Doctors at the cutting-edge have been using such stuff for years already, scanning patients' skulls for prototyping in plastic to rehearse complex surgeries against backdrops of peer-inputs and advice based on sharing the original 3D digital-scans.

Today's brave new world is almost defined by the strong organic shapes that have taken over the old stern angles and lines of early mechanization and industry, but the very near future is looking to yeild a more unique revolution ~ with all sorts of folks all over the place scanning all sorts of original 3D objects, to buy, sell and share as printready 3D-wireframes all over cyberspace!

Ultimately, what we can all look forward to being able to do is materialize all sorts of 3D-facsimiles in our own environment just as readily as we can retrieve 2D paper-facimilies today,.. but no one's betting just yet on when you'll be able to get your own 3D-printer that way.

InSpeck-EM

Creating high resolution 3D models of the entire human body was never so easy! Based on a proprietary 3D digitizing technology, wth a special lens designed to capture over a half million points of 3D geometry in the blink of an eye, InSpeck's various hardware/software combinations allow 3D artists and others to import form and colour texture of real human bodies into the virtual world.

3D models are created by first individually digitizing surfaces corresponding to single views of an object's shape, using a camera-like color or B/W optical 3D digitizer. The complete 360° models are then generated by combining a number of such views (partial models), correctly aligned, one with the other, independent of their vews of acquisition, in digital formats that can be imported into most popular 3D modeling and animation software packages.

The equipment is easy to use and set-up, with the portable carrying case even doubling up as a stand for the digitizer.



Economical Options

Roland's series of digital 3D scanners and milling-machines have been around for quite awhile now providing economical solutoins for direct input/output of three dimensional design in-house. Focussed essentially upon activity segments from Prototyping and Jewelry casting-molds to 2D engraving, the machines have also been extensively used by educational institutions for R & D, as also for practical training and NC Code programming, etc. Hallmarks are economy, ease of operation, and robust safety features that make them perfect for a learning environment.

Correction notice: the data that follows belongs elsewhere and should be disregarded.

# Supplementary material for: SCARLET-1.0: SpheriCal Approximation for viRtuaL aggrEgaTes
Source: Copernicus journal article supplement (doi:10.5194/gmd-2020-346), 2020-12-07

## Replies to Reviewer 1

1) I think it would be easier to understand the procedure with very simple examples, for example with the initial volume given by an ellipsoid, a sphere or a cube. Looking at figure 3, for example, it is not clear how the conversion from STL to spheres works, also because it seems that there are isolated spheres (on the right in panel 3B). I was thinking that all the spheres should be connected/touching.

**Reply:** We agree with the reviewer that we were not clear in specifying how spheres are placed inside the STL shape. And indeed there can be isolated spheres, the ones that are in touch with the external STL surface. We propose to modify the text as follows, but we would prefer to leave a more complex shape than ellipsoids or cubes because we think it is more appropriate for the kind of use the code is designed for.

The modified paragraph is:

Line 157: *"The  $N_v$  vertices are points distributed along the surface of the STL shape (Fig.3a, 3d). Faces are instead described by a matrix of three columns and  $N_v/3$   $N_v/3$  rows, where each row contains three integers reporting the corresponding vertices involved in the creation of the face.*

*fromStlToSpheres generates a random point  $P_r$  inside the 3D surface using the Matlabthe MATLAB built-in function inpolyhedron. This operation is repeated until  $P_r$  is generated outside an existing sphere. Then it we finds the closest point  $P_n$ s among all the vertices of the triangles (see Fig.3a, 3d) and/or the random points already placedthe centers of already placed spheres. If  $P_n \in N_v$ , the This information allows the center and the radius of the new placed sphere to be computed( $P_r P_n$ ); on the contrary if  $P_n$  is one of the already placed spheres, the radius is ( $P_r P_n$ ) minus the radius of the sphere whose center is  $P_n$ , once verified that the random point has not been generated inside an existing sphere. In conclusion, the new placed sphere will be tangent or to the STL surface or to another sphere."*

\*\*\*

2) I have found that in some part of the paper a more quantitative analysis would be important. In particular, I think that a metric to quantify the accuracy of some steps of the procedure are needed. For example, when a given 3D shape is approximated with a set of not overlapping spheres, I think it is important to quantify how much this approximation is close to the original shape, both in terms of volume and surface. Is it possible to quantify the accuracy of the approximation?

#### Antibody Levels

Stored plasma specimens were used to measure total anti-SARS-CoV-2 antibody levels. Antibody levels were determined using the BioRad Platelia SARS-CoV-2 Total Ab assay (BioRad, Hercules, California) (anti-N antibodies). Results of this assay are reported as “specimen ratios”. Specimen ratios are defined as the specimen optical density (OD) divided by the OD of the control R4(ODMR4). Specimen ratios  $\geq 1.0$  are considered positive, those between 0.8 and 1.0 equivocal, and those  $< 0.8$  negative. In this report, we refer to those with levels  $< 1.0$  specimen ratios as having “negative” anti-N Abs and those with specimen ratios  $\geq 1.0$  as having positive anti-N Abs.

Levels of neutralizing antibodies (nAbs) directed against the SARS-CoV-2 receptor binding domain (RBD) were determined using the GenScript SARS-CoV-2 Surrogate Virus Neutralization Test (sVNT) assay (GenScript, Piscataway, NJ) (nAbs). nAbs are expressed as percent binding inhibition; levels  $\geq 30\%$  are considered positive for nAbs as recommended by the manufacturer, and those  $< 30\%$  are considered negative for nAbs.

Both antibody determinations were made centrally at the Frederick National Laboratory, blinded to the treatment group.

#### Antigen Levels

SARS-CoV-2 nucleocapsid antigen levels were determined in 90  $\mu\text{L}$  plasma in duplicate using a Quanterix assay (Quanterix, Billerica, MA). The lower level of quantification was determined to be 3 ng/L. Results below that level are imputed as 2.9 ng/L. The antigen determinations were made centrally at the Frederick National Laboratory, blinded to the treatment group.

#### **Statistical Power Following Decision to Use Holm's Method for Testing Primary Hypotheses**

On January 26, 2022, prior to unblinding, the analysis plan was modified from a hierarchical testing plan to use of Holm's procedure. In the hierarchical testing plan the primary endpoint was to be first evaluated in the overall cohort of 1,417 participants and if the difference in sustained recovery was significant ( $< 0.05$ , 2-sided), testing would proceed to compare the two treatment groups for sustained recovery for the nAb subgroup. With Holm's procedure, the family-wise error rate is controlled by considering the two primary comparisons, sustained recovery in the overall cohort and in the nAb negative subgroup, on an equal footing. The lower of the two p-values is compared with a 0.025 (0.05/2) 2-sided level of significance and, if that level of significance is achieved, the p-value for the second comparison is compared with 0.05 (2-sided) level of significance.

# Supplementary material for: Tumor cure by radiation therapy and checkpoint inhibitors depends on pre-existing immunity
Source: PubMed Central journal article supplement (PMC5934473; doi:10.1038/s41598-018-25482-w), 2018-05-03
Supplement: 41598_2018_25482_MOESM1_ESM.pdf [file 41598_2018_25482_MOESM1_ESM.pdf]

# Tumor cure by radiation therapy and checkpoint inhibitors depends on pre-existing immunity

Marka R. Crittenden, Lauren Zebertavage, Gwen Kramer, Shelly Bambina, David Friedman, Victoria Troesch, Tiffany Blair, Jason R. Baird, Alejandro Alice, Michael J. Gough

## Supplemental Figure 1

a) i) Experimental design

A new offering in the series also prints photos, logos, pictures and text directly onto flat surfaces of aluminum, brass, copper, stainless steel, gold, silver and platinum, using a dot impact technology to permanently emboss images without applying ink or removing material.

3D scanners in the series are mainly based on active piezo sensor probes that can even scan soft objects with scan pitch down to 50 microns. Reverse-engineering can therefore easily be reduced to product-design using Clay and Wax etc. which can be scanned and converted into CAD models ready for finishing and final milling.

Die making for jewelry in India is one of the segments that has enthusiastically embraced the Roland systems, using CAD software's for product designing and CNC machines to produce tool-steel dies and also wax models for investment casting.

For more information on these and other economical CAD/CAM machines,
E-mail Apsom Infotex Ltd. in New Delhi, India.